To the problem of soil loss, the industrialization of agriculture has added pollution by toxic chemicals, now universally present in our farmlands and streams. Some of this toxicity is associated with the widely acclaimed method of minimum tillage. We should not poison our soils to save them.
Industrial agricultural has made our food supply entirely dependent on fossil fuels and, by substituting technological “solutions” for human work and care, has virtually destroyed the cultures of husbandry (imperfect as they may have been) once indigenous to family farms and farming neighborhoods.
Clearly, our present ways of agriculture are not sustainable, and so our food supply is not sustainable. We must restore ecological health to our agricultural landscapes, as well as economic and cultural stability to our rural communities.
For 50 or 60 years, we have let ourselves believe that as long as we have money we will have food. That is a mistake. If we continue our offenses against the land and the labor by which we are fed, the food supply will decline, and we will have a problem far more complex than the failure of our paper economy. The government will bring forth no food by providing hundreds of billions of dollars to the agribusiness corporations.
And then the kicker—we don’t get a bunch of starry-eyed idealism, but a bunch of necessary, practical and achievable measures to take to redress these problems:
Any restorations will require, above all else, a substantial increase in the acreages of perennial plants. The most immediately practicable way of doing this is to go back to crop rotations that include hay, pasture and grazing animals.
But a more radical response is necessary if we are to keep eating and preserve our land at the same time. In fact, research in Canada, Australia, China and the United States over the last 30 years suggests that perennialization of the major grain crops like wheat, rice, sorghum and sunflowers can be developed in the foreseeable future. By increasing the use of mixtures of grain-bearing perennials, we can better protect the soil and substantially reduce greenhouse gases, fossil-fuel use and toxic pollution.
Carbon sequestration would increase, and the husbandry of water and soil nutrients would become much more efficient. And with an increase in the use of perennial plants and grazing animals would come more employment opportunities in agriculture — provided, of course, that farmers would be paid justly for their work and their goods.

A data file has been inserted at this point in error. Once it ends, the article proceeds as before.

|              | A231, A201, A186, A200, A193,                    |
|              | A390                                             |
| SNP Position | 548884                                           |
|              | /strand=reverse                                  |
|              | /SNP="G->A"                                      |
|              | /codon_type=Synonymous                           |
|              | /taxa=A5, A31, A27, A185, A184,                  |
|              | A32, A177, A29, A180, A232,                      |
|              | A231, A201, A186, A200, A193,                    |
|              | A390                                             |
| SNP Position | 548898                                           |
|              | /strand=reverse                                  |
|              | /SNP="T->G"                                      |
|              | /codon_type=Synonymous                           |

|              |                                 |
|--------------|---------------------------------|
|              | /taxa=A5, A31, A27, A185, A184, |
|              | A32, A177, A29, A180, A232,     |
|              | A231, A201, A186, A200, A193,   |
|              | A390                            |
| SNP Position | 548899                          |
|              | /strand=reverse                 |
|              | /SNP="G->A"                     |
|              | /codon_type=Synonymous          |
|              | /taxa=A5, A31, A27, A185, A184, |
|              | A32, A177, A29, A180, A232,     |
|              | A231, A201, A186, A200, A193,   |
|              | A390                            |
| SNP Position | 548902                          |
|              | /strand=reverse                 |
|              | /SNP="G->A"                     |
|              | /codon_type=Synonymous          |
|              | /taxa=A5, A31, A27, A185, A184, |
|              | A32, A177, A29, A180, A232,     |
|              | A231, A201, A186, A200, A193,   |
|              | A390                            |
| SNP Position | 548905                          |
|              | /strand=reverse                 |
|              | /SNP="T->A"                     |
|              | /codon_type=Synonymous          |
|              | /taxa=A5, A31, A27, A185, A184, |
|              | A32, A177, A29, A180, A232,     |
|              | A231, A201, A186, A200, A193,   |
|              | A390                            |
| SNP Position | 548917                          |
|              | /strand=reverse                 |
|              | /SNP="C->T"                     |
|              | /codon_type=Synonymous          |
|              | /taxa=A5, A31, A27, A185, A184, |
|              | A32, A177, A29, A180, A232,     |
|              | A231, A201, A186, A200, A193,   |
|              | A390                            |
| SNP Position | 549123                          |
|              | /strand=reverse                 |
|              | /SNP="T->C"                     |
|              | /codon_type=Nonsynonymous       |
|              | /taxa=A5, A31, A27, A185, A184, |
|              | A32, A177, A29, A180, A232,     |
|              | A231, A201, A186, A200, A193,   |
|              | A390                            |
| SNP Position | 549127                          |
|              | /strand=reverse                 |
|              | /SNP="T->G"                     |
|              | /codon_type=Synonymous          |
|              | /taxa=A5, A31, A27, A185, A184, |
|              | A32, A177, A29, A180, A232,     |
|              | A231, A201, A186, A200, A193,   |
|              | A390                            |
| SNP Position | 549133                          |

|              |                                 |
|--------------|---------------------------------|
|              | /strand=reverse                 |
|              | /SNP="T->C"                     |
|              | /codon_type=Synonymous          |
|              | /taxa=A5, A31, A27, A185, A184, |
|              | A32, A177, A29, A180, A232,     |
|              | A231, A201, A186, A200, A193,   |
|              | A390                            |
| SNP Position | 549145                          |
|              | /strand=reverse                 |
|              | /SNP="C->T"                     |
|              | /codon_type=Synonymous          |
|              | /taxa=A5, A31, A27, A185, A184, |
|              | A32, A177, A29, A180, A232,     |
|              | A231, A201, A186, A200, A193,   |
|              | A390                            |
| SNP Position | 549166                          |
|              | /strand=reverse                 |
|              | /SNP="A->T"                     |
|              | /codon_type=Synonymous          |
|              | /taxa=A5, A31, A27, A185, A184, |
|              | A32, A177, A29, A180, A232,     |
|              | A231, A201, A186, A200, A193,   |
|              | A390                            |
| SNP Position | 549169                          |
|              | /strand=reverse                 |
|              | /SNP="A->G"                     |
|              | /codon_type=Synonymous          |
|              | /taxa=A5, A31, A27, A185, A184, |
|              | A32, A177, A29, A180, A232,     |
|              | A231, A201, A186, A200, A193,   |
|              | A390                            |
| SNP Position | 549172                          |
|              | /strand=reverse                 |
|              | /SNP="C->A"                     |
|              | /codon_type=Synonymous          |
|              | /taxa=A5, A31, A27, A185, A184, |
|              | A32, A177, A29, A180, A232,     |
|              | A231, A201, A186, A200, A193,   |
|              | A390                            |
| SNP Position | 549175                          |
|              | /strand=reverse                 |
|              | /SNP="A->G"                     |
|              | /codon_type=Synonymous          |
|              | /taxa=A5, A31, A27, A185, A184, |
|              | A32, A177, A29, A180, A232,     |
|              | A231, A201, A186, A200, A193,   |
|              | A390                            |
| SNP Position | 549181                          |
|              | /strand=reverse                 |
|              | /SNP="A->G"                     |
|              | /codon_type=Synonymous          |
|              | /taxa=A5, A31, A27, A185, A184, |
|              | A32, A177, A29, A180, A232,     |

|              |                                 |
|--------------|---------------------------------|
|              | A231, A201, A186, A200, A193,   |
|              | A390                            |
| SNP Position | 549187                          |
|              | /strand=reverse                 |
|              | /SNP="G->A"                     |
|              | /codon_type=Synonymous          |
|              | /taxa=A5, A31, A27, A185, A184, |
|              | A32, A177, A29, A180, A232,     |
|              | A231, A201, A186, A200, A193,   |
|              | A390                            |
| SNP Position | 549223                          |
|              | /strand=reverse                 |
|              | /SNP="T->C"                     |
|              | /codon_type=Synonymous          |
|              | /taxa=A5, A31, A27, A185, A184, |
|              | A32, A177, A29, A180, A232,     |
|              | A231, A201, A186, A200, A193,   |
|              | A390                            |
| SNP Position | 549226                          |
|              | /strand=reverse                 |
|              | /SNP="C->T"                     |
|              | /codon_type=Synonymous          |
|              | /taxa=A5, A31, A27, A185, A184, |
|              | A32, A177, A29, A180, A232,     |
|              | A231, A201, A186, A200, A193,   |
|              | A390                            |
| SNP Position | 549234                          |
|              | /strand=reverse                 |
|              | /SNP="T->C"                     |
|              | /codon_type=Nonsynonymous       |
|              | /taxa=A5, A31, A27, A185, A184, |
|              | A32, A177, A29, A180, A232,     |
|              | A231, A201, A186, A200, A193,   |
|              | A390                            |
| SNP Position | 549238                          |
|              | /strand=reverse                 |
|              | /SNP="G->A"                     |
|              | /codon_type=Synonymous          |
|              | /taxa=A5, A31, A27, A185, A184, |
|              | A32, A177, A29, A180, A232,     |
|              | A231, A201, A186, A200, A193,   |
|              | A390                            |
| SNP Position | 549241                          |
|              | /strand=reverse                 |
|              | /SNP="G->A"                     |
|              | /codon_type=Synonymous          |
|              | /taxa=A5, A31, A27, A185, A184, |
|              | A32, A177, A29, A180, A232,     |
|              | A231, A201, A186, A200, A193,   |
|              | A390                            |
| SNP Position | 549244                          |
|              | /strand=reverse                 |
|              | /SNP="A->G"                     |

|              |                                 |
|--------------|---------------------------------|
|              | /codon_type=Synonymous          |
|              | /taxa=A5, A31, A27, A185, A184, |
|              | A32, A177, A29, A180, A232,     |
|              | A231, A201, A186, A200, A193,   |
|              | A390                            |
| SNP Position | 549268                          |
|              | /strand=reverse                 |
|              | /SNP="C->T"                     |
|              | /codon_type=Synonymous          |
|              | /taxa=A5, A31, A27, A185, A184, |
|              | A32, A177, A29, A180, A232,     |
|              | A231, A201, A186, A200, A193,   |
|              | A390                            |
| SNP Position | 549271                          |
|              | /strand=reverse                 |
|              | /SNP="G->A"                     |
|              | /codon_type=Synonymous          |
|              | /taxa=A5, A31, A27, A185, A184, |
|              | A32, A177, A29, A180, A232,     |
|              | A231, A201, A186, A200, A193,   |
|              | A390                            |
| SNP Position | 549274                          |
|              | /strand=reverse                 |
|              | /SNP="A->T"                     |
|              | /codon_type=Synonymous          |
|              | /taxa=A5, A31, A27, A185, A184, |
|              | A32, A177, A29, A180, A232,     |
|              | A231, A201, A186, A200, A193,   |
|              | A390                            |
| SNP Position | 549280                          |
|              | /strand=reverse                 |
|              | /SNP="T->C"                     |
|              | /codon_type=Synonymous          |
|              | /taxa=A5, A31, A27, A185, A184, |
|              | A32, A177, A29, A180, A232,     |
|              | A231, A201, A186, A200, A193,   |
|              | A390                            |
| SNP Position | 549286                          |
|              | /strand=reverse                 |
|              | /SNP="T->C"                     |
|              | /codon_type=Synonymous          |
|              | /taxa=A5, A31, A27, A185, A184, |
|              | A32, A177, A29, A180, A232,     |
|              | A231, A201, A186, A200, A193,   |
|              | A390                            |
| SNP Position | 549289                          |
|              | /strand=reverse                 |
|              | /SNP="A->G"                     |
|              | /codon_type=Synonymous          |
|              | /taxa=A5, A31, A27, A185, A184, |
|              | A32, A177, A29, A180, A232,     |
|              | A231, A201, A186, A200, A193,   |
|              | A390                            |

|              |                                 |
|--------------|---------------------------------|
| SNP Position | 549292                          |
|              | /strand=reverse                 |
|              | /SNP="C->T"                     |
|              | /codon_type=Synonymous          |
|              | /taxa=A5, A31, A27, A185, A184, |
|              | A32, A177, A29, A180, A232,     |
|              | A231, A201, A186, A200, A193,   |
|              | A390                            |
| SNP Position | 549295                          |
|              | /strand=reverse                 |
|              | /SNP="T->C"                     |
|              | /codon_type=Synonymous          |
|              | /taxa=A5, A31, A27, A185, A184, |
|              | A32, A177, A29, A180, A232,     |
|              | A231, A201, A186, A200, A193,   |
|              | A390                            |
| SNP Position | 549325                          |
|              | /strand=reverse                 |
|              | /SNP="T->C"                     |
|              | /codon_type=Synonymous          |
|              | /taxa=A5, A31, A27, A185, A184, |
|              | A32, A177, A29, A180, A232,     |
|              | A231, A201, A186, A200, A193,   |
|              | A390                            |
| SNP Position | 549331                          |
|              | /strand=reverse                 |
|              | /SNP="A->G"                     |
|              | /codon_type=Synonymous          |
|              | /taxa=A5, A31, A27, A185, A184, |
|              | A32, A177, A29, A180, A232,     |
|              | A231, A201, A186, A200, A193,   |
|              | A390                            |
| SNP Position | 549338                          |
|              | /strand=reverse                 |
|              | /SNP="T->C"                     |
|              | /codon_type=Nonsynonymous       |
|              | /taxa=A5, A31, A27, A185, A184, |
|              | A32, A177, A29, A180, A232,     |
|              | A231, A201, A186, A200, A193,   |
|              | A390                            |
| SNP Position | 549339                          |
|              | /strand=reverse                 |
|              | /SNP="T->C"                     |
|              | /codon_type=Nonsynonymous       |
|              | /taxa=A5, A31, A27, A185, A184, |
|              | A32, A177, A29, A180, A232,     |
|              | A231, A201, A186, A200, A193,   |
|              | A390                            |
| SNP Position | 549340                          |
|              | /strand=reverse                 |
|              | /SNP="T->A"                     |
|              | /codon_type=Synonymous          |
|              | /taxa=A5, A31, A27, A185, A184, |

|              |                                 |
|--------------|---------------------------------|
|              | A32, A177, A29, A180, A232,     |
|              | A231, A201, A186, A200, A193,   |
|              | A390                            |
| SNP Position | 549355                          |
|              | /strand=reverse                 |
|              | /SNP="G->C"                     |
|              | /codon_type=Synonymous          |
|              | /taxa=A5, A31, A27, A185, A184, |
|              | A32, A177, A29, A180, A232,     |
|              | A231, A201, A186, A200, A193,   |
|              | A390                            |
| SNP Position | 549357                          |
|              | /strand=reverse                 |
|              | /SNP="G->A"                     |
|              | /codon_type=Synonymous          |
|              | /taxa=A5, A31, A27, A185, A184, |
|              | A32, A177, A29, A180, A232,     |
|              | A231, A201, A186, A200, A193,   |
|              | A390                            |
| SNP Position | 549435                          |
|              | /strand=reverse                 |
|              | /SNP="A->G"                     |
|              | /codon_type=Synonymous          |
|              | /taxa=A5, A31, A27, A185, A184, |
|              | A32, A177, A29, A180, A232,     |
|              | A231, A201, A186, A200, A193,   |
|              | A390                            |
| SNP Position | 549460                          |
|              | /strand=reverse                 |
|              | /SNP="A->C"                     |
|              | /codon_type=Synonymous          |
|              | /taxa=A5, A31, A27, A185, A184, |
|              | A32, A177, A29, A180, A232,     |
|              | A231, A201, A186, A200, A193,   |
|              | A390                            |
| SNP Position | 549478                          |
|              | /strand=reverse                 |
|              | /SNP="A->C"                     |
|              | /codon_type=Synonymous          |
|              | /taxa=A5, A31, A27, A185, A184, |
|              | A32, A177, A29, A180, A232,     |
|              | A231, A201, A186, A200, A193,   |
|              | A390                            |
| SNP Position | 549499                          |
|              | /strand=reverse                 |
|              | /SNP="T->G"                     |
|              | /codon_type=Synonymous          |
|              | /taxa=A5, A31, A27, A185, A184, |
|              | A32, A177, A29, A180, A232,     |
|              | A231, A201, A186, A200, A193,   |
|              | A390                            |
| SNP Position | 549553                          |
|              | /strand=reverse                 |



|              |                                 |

Thoughtful farmers and consumers everywhere are already making many necessary changes in the production and marketing of food. But we also need a national agricultural policy that is based upon ecological principles. We need a 50-year farm bill that addresses forthrightly the problems of soil loss and degradation, toxic pollution, fossil-fuel dependency and the destruction of rural communities.
No wonder most Reagan conservatives can’t stand the guy. A 50-year farm bill? But that may be how long it takes to re-capture the kind of localism that will provide us with a sustainable agricultural system. But Russell Kirk would probably take a look around at the mess we’ve made, and agree.
Did I mention Berry is a poet as well? The Mad Farmer poems in particular are worth a look. Let’s close with “The Farmer and the Sea” (initially published in Farming: A Hand Book):
The sea always arriving,
hissing in pebbles, is breaking
its edge where the landsman
squats on his rock. The dark
of the earth is familiar to him,
close mystery of his source
and end, always flowering
in the light and always
fading. But the dark of the sea
is perfect and strange, the absence of any place, immensity on the loose.
Still, he sees it as another
keeper of he land, caretaker
shaking the earth, breaking it, clicking the pieces, but somewhere
holding deep fields yet to rise,
shedding its richness on them
silently as snow, keeper and maker
of places wholly dark. And in him
Something dark applauds.
To learn more, this is a pretty good place to start.